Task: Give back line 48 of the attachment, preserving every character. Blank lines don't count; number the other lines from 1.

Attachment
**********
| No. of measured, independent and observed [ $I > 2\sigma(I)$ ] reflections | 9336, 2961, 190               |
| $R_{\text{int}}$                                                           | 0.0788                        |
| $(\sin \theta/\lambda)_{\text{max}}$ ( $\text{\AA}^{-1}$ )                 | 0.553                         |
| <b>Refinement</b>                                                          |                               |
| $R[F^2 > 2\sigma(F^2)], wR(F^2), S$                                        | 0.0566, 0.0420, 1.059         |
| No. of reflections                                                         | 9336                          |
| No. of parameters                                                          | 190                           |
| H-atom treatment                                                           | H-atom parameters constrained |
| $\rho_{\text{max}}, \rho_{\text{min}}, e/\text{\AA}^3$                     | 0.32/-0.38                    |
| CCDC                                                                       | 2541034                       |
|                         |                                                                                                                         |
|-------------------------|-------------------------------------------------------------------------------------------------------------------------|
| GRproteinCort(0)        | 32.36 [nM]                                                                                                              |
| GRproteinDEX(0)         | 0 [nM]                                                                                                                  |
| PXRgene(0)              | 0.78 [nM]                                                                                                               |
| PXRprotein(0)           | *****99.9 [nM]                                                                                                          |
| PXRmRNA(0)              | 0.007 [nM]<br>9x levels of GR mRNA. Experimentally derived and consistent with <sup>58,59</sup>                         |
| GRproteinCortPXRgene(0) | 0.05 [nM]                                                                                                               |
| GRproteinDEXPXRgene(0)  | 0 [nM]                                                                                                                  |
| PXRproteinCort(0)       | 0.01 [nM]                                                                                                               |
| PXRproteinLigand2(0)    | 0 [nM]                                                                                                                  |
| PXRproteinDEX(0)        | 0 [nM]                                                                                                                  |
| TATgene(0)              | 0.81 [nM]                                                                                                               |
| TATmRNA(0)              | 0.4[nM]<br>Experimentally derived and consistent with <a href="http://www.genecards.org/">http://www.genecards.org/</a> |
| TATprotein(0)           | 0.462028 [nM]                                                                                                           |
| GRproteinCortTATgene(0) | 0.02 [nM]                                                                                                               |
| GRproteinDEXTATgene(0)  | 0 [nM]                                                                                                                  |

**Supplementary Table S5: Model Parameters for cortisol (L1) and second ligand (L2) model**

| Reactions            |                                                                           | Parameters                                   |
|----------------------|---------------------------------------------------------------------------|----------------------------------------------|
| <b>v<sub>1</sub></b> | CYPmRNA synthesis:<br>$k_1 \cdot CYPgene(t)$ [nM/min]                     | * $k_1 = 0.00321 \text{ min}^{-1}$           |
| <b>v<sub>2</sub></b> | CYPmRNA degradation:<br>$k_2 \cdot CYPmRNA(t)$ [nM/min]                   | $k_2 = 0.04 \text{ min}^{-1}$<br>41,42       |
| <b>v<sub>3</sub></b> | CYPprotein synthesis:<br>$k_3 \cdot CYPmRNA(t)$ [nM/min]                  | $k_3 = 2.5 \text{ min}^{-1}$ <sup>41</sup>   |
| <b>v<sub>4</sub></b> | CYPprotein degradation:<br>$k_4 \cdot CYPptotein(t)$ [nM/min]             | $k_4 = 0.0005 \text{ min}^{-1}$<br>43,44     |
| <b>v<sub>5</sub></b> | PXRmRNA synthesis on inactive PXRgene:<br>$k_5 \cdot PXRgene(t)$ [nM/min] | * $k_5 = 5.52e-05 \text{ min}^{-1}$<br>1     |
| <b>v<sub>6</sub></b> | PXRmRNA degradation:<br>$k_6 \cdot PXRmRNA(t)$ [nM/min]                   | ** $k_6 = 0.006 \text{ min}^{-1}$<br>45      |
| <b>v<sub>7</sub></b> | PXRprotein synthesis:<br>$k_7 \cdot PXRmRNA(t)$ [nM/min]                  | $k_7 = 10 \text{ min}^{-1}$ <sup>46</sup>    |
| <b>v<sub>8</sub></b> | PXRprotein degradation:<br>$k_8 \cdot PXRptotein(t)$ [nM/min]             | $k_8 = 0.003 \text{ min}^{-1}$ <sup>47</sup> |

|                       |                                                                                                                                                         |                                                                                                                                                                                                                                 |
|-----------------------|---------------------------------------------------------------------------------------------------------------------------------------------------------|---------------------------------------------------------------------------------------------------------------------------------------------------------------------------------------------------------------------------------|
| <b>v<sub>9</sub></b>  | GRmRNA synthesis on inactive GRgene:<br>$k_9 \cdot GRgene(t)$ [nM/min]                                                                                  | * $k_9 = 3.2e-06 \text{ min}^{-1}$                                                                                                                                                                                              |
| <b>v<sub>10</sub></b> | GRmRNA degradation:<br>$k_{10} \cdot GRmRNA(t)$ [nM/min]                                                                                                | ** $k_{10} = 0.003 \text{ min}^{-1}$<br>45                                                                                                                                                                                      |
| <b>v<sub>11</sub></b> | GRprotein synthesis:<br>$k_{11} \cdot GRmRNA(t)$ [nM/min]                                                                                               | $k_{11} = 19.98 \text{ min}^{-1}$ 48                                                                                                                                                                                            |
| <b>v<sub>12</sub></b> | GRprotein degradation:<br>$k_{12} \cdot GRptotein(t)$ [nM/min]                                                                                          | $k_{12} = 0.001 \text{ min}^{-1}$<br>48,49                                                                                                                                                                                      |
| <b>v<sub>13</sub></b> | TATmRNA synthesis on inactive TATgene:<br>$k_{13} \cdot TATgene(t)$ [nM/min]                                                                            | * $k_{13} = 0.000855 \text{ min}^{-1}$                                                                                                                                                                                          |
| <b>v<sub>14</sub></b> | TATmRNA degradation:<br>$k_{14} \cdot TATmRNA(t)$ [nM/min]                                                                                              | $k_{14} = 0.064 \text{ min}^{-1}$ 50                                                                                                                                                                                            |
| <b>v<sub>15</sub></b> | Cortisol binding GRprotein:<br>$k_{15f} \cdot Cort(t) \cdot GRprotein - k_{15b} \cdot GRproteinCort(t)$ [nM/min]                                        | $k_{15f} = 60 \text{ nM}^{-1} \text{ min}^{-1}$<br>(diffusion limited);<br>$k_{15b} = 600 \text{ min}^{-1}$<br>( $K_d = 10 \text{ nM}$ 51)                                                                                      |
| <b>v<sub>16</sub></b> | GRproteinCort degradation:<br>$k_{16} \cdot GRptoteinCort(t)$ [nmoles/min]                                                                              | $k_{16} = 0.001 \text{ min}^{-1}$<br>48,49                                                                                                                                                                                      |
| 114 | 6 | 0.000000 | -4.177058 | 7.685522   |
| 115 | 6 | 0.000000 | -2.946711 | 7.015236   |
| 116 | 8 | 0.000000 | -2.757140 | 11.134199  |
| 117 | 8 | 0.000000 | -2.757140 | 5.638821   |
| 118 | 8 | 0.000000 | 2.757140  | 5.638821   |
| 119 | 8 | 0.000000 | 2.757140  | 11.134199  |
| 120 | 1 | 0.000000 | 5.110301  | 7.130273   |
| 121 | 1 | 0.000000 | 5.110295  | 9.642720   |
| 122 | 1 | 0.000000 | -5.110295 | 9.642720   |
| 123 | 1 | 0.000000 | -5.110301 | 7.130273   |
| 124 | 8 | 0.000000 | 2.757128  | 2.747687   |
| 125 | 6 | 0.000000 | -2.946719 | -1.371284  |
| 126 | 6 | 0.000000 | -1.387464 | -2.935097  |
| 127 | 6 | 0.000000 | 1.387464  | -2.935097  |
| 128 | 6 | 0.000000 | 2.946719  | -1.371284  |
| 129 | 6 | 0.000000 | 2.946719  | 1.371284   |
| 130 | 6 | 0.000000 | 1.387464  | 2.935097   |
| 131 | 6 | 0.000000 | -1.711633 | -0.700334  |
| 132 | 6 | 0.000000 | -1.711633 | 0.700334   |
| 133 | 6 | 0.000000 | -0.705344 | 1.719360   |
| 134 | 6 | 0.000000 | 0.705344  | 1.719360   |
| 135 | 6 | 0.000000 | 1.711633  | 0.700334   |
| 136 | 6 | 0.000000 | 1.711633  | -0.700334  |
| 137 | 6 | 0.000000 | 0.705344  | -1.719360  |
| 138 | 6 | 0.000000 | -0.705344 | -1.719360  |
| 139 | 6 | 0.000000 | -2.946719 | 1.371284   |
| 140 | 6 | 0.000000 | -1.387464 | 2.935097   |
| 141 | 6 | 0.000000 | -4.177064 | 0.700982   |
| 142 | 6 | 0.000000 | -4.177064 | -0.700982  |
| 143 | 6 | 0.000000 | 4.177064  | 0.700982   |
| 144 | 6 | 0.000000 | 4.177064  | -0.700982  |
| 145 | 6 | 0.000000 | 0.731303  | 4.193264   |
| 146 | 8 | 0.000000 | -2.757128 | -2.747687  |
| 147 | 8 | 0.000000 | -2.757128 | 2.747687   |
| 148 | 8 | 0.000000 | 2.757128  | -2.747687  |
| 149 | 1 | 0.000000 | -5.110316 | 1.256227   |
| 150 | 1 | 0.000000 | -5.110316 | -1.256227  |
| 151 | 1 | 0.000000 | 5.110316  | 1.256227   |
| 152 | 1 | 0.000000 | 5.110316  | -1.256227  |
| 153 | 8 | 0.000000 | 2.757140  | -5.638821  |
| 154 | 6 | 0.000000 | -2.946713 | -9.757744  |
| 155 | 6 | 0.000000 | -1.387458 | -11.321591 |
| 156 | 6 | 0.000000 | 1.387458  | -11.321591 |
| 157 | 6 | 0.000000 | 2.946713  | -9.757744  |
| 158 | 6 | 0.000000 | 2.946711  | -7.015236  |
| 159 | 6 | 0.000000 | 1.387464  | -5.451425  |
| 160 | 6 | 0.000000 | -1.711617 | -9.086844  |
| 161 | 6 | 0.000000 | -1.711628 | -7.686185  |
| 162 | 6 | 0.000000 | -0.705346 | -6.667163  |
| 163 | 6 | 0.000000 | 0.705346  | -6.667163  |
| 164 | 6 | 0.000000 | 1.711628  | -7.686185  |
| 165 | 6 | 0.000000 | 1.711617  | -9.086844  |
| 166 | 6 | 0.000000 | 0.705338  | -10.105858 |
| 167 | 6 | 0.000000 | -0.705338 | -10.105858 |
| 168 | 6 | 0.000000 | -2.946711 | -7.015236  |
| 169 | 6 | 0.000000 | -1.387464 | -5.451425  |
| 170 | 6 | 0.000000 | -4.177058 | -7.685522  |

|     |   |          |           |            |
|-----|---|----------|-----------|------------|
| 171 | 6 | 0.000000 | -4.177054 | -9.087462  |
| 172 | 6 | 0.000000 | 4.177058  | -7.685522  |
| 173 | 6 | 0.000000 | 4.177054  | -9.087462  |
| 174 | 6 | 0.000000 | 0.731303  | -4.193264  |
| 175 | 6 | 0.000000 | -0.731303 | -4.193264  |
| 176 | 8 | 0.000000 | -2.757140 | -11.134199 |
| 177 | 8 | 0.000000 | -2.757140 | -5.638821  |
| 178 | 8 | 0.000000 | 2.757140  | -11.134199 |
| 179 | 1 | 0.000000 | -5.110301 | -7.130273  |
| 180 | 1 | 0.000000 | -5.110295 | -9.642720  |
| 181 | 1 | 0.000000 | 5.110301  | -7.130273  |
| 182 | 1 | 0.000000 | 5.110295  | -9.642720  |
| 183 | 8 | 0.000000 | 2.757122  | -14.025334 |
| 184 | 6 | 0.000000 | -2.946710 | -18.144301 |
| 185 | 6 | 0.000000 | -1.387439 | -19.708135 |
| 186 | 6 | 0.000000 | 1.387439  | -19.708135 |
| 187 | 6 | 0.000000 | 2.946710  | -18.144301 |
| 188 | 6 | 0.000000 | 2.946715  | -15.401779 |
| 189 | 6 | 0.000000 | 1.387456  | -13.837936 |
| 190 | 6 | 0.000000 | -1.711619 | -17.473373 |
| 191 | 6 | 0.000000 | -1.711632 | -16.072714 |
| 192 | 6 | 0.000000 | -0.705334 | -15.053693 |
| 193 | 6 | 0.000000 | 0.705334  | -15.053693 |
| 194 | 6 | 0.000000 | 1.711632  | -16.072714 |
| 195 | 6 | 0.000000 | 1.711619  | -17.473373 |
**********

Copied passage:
| <b>v<sub>16</sub></b> | GRproteinCort degradation:<br>$k_{16} \cdot GRptoteinCort(t)$ [nmoles/min]                                                                              | $k_{16} = 0.001 \text{ min}^{-1}$<br>48,49                                                                                                                                                                                      |